3 Key Steps for Setting Successful Business Goals

September 20, 2013

There are a number of goals you can make when starting a home business or small business, but only a few actually make a difference.  Follow these steps and revisit them every year, perhaps on your start-up anniversary.

Business Goals

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Starting a Home Business – First 10 Steps

April 5, 2013

Starting a home-based business involves planning, key financial decisions, and a series of legal steps. The 10 easy steps below can help you plan, prepare, and launch your business. Click on the links to learn more from the Small Business Administration (SBA).

Don’t forget to consider a business name and verify if the name is already in use.  Chose a short, catchy, memorable name that sounds good and is easily marketed and branded.  A tag line or catch-phrase for your business is important too.  Do it once, do it right, never do it again.

Step 1: Write a Business Plan

Use these tools and resources to create a business plan. This written guide will help you map out how you will start and run your business successfully.

Step 2: Get Business Assistance and Training

Take advantage of free training and counseling services, from preparing a business plan and securing financing, to expanding or relocating a business.

Step 3: Choose a Business Location

Get advice on how to select a customer-friendly location and comply with zoning laws.  Home-based business owners are subject to many of the laws and regulations that apply to other business owners.  These include: traffic, noise, changes in physical appearance, and nature of the business.

Step 4: Finance Your Business

Find government backed loans, venture capital and research grants to help you get started.  Other sources include using part of a retirement plan, crowd funding, personal savings, and friends and family.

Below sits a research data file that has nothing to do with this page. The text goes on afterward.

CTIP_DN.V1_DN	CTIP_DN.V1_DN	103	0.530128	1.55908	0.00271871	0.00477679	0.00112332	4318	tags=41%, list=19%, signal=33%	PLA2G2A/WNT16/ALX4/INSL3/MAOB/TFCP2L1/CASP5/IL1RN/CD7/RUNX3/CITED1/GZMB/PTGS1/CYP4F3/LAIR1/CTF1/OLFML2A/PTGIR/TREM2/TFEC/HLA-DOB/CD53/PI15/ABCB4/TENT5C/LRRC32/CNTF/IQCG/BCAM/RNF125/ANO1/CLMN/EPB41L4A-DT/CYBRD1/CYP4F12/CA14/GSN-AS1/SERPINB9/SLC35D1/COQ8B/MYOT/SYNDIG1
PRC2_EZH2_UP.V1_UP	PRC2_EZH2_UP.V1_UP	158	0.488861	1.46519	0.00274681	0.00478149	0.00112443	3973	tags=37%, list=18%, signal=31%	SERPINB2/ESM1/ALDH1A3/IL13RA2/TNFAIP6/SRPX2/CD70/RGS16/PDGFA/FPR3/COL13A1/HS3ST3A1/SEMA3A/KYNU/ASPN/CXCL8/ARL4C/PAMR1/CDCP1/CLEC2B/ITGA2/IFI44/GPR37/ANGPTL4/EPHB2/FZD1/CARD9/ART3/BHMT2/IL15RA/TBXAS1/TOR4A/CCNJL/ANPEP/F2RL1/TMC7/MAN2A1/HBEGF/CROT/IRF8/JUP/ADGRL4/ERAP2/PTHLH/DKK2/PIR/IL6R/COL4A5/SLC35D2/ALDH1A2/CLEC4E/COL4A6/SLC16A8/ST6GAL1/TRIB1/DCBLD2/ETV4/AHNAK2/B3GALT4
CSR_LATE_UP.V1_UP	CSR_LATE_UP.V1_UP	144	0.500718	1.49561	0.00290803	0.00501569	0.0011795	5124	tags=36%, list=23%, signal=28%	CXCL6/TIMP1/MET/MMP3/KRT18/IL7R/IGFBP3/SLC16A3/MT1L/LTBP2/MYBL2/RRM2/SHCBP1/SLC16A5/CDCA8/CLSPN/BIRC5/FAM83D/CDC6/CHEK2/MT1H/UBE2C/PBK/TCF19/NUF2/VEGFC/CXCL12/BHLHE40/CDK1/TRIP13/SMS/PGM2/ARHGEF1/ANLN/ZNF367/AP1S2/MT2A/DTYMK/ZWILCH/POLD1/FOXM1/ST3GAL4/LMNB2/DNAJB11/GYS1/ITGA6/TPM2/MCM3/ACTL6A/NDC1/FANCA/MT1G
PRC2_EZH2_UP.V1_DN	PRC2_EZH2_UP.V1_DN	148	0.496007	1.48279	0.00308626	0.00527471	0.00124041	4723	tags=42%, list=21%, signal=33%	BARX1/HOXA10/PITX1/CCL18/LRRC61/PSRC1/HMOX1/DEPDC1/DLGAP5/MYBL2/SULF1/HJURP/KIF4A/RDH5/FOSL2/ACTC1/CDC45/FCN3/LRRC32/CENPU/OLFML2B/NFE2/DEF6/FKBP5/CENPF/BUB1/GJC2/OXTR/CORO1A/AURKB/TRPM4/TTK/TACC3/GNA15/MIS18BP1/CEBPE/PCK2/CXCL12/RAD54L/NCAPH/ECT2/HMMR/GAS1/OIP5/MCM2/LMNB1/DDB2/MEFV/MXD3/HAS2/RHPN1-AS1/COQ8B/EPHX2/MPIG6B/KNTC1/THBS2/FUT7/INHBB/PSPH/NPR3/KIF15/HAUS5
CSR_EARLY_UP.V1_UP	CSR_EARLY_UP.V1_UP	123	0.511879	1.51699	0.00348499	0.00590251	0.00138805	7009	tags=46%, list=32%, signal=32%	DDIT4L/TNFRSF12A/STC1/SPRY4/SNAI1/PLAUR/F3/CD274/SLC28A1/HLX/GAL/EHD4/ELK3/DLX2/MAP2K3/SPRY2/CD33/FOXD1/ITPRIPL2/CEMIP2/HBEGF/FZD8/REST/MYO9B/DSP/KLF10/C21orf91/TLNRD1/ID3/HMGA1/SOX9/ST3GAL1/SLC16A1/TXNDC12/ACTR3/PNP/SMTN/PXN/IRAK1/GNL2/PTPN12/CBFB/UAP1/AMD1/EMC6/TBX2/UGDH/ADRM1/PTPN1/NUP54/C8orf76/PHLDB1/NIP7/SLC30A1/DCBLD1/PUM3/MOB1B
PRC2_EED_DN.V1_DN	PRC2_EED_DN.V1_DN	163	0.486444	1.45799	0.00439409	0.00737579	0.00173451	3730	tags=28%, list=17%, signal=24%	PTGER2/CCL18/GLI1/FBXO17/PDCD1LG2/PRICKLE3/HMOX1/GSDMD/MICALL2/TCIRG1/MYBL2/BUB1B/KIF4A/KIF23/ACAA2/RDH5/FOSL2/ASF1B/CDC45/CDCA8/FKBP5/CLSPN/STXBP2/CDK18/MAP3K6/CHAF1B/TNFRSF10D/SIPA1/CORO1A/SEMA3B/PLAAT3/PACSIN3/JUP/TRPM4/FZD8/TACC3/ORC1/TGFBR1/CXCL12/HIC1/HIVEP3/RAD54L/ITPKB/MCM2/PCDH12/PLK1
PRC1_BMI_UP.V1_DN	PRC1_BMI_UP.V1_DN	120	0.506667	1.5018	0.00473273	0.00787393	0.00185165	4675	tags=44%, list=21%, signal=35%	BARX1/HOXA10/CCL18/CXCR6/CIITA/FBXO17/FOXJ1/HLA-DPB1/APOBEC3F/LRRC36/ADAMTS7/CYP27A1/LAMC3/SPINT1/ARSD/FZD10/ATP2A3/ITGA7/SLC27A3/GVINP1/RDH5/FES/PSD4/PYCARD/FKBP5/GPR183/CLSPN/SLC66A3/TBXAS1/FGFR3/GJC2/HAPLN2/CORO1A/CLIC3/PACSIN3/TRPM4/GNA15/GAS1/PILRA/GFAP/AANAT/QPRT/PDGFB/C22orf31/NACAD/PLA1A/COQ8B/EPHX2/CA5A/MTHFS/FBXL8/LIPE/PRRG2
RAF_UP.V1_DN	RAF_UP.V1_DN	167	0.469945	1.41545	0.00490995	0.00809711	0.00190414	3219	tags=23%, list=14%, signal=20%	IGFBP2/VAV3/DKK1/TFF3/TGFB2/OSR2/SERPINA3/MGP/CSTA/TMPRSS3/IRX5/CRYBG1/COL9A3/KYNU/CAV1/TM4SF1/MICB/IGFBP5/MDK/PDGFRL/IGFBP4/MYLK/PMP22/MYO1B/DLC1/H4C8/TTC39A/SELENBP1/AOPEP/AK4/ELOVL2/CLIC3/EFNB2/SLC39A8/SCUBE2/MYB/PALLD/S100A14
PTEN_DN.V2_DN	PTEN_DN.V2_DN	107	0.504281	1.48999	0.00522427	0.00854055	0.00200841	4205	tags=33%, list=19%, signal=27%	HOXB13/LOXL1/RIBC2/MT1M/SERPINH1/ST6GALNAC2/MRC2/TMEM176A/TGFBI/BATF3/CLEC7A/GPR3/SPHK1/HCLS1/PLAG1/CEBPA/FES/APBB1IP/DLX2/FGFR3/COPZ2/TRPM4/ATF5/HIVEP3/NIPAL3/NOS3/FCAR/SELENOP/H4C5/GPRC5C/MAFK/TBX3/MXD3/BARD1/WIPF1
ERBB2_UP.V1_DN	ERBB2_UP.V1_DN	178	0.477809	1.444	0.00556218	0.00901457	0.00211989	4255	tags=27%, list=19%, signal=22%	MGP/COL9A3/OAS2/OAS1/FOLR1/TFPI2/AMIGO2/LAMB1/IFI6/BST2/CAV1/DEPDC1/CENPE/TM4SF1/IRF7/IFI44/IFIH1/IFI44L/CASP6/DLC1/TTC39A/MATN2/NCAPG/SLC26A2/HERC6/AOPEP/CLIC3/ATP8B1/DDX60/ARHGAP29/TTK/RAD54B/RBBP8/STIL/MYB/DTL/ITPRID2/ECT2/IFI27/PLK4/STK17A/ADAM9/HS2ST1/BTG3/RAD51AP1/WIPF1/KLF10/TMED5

Home Business

Home Business

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Never try to run a business you don’t understand

April 4, 2013

Advice from The Accountinator

Accountinator

I’ve seen one or two deals that offer systems to get rich quick.  Too many of these are on the web.  It sounds enticing.  Work two hours a week from home, and soon you’ll earn a few thousand dollars a month until you can quit your day job.

I’m all for getting rich quick.  I’m also all for getting rich slowly.  However, I don’t think anyone can build a business without first understanding it, not to mention putting in really hard work.  To run a business, you must fundamentally understand how it makes money:

“I’ll tell you why I like the cigarette business. It costs a penny to make. Sell it for a dollar. It’s addictive. And there’s fantastic brand loyalty.” – Warren Buffett, Barbarians at the Gate.

Duty Free @ Schipol Airport
Who are your customers?  What are the products?  How do you make the products?  How much do they cost to make?…

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Calculating Home Business Income

June 14, 2012

From previous posts, you’ve learned that starting a home business is not expensive, competition is easy to research, and help is available from many sources.  But what about revenue?  I need to make money too!  In this post, we provide a simple way of roughly calculating what your income needs are and compare them to expenses.  Thanks to Jeff Williams of bizstarters.com for providing the general calculation example.

1) As with any budget, the first step is to write down minimal personal income needs.  Take this figure and multiply it by 1.5 to cover taxes, expense, and the unexpected.  A great free source for budgeting and related tools is http://www.mint.com.

2) The next step is to figure out how much money is gained per sale of product or hourly fees from consulting.  This exercise requires personal experience, market research, and contact with industry peers and colleagues in similar positions.  Search engines such as Google and Bing are great resources for general wage or sales ranges.

3) Take the above amount per sale and divide it in half to account for taxes, benefits, and any other miscellaneous expenses related to receivables.  The extra expenses might include travel costs, subcontractors or technology.